At the same time, they seem to be using a lot faster memory chips and systems, why is that?
Because they need huge memory bandwidth whereas CPUs are limited by other things.

Comparing power consumption of CPUs to GPUs doesn't really get you very far IMO, they are very different beasts and they perform very different tasks. One might ask why hard-drives use so much more power than CD-ROM drives and wouldn't it be great if it wasn't like that ... but the answer is uninformative.

The next generation of cards will *not* use 100-200 watts if you buy the low-end variants.
I didn't know they didn't have their own fabs. One would think they are making their own chips since they have so much revenue...

Isn't the more bandwidth the better?? Since DDR3 is already out and video cards are using it, why didn't Intel skip DDR2 and go straight to DDR3?

Maybe I'm just simple minded, or I'm just not knowledgable, but I like to compare things that are similar. Technically, GPUs and CPUs are fairly similar aren't they? Boiling it all down, they are there doing calculations, albeit at different speeds. Also the thing with CD rom and HDDs, they all spin, but the difference would be well know as HDDs have mutiple platters, mutiple heads to move, and are of a heavier material, right? Maybe I'm just being stupid, hahaha.
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Post by Splinter » Sun May 01, 2005 1:18 am

CPUs and GPUs are very very different.

If you do a bit of googling, you'll find something far more indepth, but in very basic terms, CPUs are designed as general workhorses. They can do whatever calculations you want. They'll take whatever you throw at them. GPUs only do very specific things. They work with triangles and pixels. Shading and texturing. They can't do anything but graphics, they're only designed to do graphics, and they do it well.

Imagine a pickup truck with a winch and a great big 700hp engine. It can do a lot, it can haul heavy stuff, drive pretty fast, pull things around, tow things. It can do a lot. That's your CPU.

Then imagine a nice fast ferrari. Maybe only a 400hp engine, but it can drive circles around that pickup. It cant really do much else though. That's your GPU.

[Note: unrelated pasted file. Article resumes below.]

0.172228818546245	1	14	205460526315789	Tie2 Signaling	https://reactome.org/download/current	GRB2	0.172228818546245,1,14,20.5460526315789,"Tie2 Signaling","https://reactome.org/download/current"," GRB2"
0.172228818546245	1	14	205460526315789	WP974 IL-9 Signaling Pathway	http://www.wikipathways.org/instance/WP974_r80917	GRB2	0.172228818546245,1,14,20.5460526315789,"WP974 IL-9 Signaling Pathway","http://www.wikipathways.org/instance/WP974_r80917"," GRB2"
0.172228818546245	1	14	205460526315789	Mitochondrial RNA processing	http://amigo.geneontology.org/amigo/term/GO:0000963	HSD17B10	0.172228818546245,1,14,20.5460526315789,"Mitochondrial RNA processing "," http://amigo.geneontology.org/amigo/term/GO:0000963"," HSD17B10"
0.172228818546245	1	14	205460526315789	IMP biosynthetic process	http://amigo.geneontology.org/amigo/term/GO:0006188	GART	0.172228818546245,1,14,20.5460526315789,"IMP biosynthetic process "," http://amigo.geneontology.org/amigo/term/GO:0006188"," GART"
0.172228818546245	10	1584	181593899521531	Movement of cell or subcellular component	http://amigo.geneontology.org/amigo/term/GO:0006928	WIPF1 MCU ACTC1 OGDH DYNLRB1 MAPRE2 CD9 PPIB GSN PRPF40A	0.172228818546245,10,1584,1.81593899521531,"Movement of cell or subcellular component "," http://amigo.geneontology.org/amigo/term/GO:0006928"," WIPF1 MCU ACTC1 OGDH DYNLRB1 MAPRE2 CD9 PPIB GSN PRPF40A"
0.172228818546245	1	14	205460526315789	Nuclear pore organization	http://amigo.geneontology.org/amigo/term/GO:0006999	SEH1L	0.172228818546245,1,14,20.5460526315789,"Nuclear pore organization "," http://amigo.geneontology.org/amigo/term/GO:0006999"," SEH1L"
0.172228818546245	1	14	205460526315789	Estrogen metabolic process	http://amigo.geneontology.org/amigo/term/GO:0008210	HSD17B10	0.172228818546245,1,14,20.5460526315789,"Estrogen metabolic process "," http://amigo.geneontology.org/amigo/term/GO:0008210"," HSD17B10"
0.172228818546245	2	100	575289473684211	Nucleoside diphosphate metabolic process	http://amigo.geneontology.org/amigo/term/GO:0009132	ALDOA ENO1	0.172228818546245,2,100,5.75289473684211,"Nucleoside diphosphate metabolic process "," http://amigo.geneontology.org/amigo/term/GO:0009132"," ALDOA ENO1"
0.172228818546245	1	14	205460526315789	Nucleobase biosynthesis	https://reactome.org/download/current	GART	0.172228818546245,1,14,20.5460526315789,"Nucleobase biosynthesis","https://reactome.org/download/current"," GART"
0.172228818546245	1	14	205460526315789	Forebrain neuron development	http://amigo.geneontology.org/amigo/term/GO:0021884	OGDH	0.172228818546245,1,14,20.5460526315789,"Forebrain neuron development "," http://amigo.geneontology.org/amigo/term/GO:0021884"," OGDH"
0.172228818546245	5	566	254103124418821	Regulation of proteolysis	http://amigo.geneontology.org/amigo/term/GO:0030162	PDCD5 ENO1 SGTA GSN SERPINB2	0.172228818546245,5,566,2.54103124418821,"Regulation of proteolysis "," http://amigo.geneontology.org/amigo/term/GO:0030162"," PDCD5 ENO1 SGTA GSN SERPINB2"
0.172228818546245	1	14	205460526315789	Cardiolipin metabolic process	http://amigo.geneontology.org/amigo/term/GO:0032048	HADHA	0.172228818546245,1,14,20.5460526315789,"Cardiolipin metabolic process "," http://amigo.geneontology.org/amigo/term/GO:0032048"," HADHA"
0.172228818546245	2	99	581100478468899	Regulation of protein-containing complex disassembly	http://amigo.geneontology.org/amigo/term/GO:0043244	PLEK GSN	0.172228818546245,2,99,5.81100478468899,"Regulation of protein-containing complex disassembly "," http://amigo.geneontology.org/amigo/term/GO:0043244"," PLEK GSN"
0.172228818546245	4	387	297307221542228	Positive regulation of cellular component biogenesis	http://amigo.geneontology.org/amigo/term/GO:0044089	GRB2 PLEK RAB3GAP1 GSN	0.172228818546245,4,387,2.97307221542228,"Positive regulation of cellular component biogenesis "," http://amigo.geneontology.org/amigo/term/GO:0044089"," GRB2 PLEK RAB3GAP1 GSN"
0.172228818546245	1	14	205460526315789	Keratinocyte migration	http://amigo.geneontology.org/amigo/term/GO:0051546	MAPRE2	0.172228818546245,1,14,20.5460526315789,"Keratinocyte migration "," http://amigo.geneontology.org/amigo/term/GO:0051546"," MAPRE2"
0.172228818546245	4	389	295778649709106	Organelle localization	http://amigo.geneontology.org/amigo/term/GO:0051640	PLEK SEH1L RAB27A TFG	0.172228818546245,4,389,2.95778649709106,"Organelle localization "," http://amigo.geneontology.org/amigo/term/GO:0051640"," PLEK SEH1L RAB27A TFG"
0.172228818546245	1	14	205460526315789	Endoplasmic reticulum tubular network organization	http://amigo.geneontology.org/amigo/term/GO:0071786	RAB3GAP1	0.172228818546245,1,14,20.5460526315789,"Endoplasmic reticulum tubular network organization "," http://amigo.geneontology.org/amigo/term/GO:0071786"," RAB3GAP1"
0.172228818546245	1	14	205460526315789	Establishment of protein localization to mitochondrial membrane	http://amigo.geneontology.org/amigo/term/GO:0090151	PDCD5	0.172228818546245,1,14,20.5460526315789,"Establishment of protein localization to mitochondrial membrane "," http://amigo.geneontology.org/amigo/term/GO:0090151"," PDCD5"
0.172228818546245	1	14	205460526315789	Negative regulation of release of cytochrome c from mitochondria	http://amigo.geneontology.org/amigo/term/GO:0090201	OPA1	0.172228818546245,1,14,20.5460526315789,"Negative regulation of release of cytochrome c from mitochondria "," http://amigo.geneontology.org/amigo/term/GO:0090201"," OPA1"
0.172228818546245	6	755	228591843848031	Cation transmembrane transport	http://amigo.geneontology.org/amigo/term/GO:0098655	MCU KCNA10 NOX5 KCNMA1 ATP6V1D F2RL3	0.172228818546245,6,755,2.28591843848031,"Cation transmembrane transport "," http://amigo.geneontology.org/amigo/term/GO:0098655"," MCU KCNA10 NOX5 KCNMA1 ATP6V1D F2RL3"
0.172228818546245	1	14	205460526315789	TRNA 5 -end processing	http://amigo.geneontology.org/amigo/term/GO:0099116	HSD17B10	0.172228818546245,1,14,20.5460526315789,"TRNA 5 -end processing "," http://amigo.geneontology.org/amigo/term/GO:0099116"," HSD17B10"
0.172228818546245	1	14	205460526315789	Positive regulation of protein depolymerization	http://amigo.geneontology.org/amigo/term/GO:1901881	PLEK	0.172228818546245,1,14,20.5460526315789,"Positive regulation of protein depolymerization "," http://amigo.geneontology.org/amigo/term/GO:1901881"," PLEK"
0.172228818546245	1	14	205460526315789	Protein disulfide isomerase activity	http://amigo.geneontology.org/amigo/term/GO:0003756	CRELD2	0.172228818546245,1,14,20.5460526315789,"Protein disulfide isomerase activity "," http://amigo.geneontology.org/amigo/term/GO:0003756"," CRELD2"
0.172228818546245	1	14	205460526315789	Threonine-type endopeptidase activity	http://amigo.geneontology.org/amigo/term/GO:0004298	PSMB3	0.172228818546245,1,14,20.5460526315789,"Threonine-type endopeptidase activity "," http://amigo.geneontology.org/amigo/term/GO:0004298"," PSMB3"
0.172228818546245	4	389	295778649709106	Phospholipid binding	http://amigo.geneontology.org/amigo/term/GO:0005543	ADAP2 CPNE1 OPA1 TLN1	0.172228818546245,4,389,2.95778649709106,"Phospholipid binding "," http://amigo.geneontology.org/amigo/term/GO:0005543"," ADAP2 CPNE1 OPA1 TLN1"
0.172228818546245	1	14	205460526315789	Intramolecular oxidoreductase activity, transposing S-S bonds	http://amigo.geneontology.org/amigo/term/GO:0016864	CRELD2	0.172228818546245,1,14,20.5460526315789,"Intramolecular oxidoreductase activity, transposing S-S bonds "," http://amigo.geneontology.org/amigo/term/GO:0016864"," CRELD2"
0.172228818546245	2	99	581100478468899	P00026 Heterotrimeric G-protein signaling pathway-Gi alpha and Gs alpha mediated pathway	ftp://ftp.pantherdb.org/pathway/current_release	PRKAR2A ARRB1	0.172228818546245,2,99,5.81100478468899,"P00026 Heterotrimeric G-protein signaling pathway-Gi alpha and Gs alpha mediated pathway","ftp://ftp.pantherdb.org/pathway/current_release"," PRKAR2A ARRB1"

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Post by DG » Sun May 01, 2005 3:01 am

I don't think that 200W cards would become a reality in the (near) future. How they will cool such a beast? Air cooling can't handle it. Maybe watercooling... :?

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Post by nici » Sun May 01, 2005 5:52 am

It will probably never happen, im just guessing here, but i would think that computers have pretty much reached the highest power-draw they will have. Newer CPUs are faster but still use less power, HDDs are likely to move towards smaller sizes soon, PSUs are getting more efficient.. I would imagine GPUs would follow this in a while because if the heat-dissipation continues to increase, it swill soon be impossible to cool the cards with something that only takes up one slot. Im also hoping graphics card manufacturers to incorporate something similar to Cool n´Quiet sometime in the near future..

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Post by Tzupy » Sun May 01, 2005 6:19 am

AFAIK ATi may also launch a very hot running next-gen GPU. They bought the technology to manufacture GPUs in a more CPU-like manner, which should allow for higher frequencies, but they will probably have to limit the number of pipes in order to avoid a meltdown. ;-)
For nVidia, a 32-pipe (general purpose, both for VS and PS) GPU, running at about 600 MHz, manufactured at 0.11 micron, should dissipate 120-150W. I just hope the lower power version (like the vanilla 6800 of today) won't be so hungry...
At worst, we'll need two extra slots for the cooling solution. I wonder how will the owners of DFI SLI mobos handle that... ;-)

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Post by tay » Sun May 01, 2005 8:04 am

A couple of things :

- 200 watt cards are not coming in the next generation. Does the existance of PCIe 6-pin plugs mean we have 150 watt cards? No!!! So the existance of 2 PCIe plugs does not mean we will have 200w cards. Now that thats cleared up....

- Nv/ATI are not manufacturers. As such they are limited by TSMC/UMC/IBM etc. The interfacing to another manufacturers process hinders moving to the latest/greatest. GPU manufacturers have also been burned by issues in manufacturing killing their output/availability.

- In addition GPUs get redesigned to a greater extent and have more logic transistors than CPUs. The NV40 is quite different from the NV30 which in turn is different from the NV20. The Pentium D is still closely related to the 1.4 Ghz P4. The A64 a close relative of the K7. Redesigning to an unknown process isnt as easy as to a known one which is one of the reasons process is lagging.

- Clock speeds are limited by issues like large transistor count, process, heat, and power. Theoretically a GPU can be pipelined more than a CPU, so should not be clock limited. It is less complicated at a basic level and has more repeated elements. With modern day GPUs becoming like CPUs this distinction is gone.

- WRT memory a GPU benefits more from the latest/greatest than a CPU (maybe more data crunching, lower cache hit ratio). So you see more advanced memory on GPUs.